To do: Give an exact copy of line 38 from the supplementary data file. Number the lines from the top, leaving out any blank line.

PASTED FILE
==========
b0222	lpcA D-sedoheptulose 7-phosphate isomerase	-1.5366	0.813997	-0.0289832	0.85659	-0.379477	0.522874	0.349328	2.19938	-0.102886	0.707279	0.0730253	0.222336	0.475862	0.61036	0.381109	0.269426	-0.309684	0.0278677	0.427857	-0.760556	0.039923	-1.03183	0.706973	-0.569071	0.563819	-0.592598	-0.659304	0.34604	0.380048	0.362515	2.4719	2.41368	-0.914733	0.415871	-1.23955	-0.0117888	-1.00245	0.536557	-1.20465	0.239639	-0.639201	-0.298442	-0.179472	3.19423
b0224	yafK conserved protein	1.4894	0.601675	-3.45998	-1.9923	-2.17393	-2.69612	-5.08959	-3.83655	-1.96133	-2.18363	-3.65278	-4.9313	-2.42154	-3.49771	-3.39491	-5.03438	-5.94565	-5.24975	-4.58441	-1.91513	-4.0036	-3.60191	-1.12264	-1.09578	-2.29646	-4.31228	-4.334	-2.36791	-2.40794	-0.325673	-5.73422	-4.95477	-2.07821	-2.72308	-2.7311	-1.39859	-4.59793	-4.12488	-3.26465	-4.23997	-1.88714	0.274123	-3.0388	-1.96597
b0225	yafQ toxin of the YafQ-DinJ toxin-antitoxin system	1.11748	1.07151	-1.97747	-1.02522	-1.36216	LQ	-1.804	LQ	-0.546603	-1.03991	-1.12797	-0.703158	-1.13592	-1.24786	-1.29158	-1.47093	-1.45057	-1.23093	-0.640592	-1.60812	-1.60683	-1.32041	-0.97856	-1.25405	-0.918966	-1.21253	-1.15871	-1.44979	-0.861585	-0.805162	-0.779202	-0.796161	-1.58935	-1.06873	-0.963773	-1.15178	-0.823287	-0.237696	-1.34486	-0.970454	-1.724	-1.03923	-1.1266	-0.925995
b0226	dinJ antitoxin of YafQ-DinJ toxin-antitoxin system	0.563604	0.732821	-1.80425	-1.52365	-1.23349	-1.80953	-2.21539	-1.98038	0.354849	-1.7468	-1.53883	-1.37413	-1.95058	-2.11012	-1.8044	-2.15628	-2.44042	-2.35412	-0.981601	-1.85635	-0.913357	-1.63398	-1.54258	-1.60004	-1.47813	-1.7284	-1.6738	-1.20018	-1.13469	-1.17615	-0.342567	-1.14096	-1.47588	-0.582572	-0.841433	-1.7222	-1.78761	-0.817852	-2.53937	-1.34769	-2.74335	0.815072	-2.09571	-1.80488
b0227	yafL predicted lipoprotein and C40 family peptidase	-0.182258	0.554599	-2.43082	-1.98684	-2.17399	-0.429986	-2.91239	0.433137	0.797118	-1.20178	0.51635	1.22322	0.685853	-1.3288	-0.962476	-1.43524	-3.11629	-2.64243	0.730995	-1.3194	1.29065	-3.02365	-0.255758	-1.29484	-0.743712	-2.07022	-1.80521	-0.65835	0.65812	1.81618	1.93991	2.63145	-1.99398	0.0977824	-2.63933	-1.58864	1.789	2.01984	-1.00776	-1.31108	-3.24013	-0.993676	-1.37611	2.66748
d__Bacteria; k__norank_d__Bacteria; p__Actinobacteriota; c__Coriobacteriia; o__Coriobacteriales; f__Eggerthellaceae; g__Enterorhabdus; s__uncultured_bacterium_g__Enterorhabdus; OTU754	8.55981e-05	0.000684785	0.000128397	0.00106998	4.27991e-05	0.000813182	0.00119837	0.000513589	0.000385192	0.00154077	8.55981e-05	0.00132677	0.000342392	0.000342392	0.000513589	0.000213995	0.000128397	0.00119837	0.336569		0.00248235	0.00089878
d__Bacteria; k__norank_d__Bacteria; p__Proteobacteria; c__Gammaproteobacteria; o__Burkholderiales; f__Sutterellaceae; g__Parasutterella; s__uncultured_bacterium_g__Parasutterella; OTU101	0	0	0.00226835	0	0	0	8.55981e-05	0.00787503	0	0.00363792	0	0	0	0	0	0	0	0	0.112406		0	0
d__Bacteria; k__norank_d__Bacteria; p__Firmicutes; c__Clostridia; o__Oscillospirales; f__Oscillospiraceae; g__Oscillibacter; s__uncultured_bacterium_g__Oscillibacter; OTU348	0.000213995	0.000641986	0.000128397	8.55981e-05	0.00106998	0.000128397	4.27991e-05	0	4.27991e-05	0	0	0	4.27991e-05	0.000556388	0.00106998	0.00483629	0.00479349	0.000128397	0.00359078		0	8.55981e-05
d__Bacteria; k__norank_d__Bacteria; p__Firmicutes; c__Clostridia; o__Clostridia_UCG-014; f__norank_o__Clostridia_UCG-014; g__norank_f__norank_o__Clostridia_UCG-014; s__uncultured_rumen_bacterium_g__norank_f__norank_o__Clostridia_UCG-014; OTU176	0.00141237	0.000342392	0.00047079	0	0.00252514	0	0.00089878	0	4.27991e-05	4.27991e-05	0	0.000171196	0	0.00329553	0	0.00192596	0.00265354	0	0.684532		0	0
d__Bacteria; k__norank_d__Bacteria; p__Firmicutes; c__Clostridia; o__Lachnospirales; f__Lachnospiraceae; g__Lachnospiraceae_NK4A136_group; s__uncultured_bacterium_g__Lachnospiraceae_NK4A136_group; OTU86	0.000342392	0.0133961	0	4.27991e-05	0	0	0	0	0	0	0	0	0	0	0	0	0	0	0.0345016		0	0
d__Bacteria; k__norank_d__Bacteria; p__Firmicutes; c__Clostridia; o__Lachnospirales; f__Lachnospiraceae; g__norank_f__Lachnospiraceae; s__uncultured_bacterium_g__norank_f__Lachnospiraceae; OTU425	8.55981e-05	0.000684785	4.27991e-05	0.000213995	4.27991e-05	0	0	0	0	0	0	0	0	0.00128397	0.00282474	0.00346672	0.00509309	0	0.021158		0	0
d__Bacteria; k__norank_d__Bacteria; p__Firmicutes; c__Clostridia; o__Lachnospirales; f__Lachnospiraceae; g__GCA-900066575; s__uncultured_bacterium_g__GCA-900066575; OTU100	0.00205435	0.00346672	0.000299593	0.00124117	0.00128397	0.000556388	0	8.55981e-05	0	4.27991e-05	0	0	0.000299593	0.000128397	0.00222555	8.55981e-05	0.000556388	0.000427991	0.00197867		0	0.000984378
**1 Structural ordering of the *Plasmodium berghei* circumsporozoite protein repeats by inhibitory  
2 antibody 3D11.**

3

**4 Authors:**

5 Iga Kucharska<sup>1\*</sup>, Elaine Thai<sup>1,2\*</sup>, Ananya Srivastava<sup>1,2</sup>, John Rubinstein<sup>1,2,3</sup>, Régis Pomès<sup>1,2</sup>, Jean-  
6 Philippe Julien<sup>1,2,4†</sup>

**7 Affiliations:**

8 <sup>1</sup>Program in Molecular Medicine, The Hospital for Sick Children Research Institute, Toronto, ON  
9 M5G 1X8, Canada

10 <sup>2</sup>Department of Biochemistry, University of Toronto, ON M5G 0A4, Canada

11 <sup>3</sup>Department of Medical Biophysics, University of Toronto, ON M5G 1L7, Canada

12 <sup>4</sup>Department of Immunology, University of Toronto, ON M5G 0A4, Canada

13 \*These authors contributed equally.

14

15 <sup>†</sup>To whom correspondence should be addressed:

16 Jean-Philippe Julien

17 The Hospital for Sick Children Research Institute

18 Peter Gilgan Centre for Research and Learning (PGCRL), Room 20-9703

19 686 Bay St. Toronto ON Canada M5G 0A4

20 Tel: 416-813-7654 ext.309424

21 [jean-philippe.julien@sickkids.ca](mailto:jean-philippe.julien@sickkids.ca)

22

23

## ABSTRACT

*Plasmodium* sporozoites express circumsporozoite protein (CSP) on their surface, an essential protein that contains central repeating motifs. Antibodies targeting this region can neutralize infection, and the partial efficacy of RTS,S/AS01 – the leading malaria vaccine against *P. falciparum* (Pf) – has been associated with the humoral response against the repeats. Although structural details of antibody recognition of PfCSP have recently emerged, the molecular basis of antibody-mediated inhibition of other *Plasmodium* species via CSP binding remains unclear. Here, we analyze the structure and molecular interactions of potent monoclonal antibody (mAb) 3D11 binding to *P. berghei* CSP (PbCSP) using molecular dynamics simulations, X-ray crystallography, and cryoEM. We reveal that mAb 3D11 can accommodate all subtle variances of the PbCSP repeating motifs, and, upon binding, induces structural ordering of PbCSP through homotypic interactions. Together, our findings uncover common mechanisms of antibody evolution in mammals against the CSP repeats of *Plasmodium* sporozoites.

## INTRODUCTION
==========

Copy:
## INTRODUCTION